The most common reaction to finding a child engaging in sexual behavior is panic and anger. However, our response as adults usually comes from our discomfort with the idea that a child can think or engage in sexual behavior. This taboo topic, while avoided by many, is increasingly becoming a conversation among families. Here are some things to keep in mind if you find your child engaging in healthy sexual behavior.
#1: Check yourself before you wreck yourself
Witnessing or becoming aware of your child’s sexual behavior can lead to strong reactions. If the first time you talk to your child is when you are consumed by strong feelings, you might forget or miss something important. You might even send a message of shame for something that might be developmentally normal. Rather, start by taking a few seconds to notice how you’re feeling. You might notice anger, shock, fear, confusion, or worry. Now practice taking 3 slow deep breaths. The calmer we are the clearer we think.
#2: Consider the curious nature of your child sexual behaviors
Regardless if your child is 3 or 12 years old, your child will find themselves in a different stage of their sexual development. It’s important to note that children experiencing healthy sexual development don’t engage in sexual behavior in the same way that an adult does. Commonly, children are in a stage of discovery and exploration. For example, a 3-year-old girl who has just discovered her vagina may begin to ask questions of the function and/or appearance of her vagina and even wonder if everyone has one. Another example is of a 9-year-old boy who uses the internet to look up the word sex and stumbles on pornographic videos. This 9-year-old boy, being self-conscious, might not make it obvious to his parents that he has questions about sex but instead find alternate ways to get his questions answered.
Please keep in mind that some sexual behavior does fall outside of a child’s development and can become problematic. It is recommended that you seek out additional resources for your awareness. Some will be listed below. If you are concerned that your child’s sexual behavior is impacting their function at home, at school, or with peers, or have concern that their behavior may be problematic, reach out to a professional for additional support.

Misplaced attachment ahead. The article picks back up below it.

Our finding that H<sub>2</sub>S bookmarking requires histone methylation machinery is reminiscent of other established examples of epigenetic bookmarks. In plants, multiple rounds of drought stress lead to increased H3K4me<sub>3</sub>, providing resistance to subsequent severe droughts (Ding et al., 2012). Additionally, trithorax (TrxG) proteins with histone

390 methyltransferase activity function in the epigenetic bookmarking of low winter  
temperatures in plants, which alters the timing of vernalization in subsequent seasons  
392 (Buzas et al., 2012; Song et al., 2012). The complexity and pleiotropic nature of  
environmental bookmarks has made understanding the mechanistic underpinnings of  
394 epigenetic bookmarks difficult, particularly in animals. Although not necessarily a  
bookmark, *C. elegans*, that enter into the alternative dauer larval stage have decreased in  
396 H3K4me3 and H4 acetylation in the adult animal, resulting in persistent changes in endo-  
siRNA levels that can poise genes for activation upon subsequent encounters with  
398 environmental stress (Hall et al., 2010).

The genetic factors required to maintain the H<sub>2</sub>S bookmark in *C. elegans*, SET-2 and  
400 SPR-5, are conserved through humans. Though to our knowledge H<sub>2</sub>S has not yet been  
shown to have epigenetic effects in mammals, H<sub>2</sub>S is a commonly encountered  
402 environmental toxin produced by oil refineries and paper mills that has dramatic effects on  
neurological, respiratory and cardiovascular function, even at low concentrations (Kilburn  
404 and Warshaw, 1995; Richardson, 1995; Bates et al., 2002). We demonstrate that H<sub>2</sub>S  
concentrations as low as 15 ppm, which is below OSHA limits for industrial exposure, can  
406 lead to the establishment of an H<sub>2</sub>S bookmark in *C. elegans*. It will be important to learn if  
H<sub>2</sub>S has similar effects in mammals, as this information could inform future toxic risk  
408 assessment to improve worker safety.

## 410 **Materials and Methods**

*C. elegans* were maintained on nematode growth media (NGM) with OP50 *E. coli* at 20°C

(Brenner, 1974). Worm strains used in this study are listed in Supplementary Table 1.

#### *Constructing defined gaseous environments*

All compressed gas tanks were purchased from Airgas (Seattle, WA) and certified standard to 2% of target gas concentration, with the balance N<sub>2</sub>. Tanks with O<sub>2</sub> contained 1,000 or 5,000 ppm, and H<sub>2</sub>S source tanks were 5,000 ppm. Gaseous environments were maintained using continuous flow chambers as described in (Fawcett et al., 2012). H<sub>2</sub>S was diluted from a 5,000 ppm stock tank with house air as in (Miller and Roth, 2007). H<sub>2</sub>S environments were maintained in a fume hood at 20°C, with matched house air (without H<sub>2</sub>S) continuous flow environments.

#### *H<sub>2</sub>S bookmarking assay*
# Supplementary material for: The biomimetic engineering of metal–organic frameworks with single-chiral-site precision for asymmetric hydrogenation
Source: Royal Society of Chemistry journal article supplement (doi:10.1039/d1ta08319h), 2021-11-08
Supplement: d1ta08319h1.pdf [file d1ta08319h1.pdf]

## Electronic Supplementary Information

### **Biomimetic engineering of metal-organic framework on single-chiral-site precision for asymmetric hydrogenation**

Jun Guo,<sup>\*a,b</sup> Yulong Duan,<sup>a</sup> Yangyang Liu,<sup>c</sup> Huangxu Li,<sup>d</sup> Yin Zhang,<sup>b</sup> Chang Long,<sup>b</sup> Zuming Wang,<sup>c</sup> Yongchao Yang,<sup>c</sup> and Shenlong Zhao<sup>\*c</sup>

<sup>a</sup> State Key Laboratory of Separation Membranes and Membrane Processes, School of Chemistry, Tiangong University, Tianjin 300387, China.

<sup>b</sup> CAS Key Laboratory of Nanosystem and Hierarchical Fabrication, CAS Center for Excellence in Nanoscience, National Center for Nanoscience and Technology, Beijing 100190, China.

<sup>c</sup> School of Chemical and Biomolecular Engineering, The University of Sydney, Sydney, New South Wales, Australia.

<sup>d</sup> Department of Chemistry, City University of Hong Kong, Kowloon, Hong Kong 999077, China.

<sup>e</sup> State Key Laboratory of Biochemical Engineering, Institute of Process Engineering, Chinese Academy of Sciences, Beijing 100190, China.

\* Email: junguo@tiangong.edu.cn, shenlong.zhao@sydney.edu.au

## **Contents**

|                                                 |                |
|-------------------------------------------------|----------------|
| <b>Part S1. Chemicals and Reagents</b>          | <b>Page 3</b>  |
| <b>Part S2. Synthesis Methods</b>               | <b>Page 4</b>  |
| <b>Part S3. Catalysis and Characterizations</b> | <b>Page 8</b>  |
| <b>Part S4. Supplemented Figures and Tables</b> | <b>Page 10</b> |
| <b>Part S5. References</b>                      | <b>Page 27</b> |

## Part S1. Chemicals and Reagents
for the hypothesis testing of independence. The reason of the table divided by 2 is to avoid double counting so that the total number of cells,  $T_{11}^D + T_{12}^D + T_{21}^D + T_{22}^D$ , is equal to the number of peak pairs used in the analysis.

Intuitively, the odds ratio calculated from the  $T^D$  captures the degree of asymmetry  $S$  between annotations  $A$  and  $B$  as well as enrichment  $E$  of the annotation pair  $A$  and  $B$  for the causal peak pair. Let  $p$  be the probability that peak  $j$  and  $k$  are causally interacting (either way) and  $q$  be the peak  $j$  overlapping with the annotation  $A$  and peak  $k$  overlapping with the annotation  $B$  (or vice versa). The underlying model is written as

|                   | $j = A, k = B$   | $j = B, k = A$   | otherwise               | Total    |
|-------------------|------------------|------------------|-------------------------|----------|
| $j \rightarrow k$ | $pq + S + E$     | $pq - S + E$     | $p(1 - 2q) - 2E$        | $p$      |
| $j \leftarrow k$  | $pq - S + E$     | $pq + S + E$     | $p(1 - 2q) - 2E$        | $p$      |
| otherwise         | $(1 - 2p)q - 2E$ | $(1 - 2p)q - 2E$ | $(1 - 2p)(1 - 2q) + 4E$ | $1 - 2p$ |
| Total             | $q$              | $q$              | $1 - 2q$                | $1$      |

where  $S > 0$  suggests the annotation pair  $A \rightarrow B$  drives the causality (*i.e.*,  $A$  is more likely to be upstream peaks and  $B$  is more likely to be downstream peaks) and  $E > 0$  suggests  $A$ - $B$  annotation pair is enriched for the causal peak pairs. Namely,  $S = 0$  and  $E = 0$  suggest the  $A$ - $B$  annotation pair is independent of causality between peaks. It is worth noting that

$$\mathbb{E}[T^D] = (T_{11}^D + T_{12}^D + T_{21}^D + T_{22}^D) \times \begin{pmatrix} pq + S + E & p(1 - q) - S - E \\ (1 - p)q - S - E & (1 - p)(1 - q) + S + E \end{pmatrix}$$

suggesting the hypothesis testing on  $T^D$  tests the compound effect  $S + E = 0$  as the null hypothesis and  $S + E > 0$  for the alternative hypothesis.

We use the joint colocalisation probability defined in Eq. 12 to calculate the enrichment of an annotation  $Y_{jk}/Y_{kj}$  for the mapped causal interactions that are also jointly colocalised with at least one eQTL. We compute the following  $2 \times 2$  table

#3: Decide on the message you want to give
When adults respond in anger or fear, we may use phrases like “that’s disgusting, don’t do that anymore” or “what’s wrong with you, stop doing that”. These types of responses can send the child with an underlying message that they themselves are bad and that sexual behavior is shameful and/or dirty. Some alternative messages may be that you understand that they are exploring and being curious or that their behavior is normal and that you can help them learn about their behavior in a safe way.
#4: Decide on a course of action
Always end the conversation with a plan on how to move forward. You might plan to teach your 3-year-old about physical boundaries and when and where it might be appropriate to talk about vaginas. You might try and educate your 9-year-old boy on puberty and sex as well as set limits to his internet use. The course of action should be clear and should be known by both you and your child.
When you put it all together this is what it might sound like: “I see you are very curious about your body. That is called your vagina, and all girls have a vagina. It is okay to be curious about your vagina and when in private I can teach you more about our private body parts, but it is not safe to show or point out your vagina at school.” Many children are curious about their sexual body parts. I don’t think watching pornography is a safe way for children to learn. Let’s stop this and instead find another way to be curious. Let’s go to the library and get a book that we can read together to learn more about the body”.
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Don’t parent alone.
It’s Perfectly Normal: Changing Bodies, Growing Up, Sex, and Sexual Health by Robie H. Harris
Sex is a Funny Word: A Book about Bodies, Feelings and YOU by Cory Silverberg
Understanding Children’s Sexual Behaviors: What’s Natural and Healthy by Toni Cavanagh Johnson
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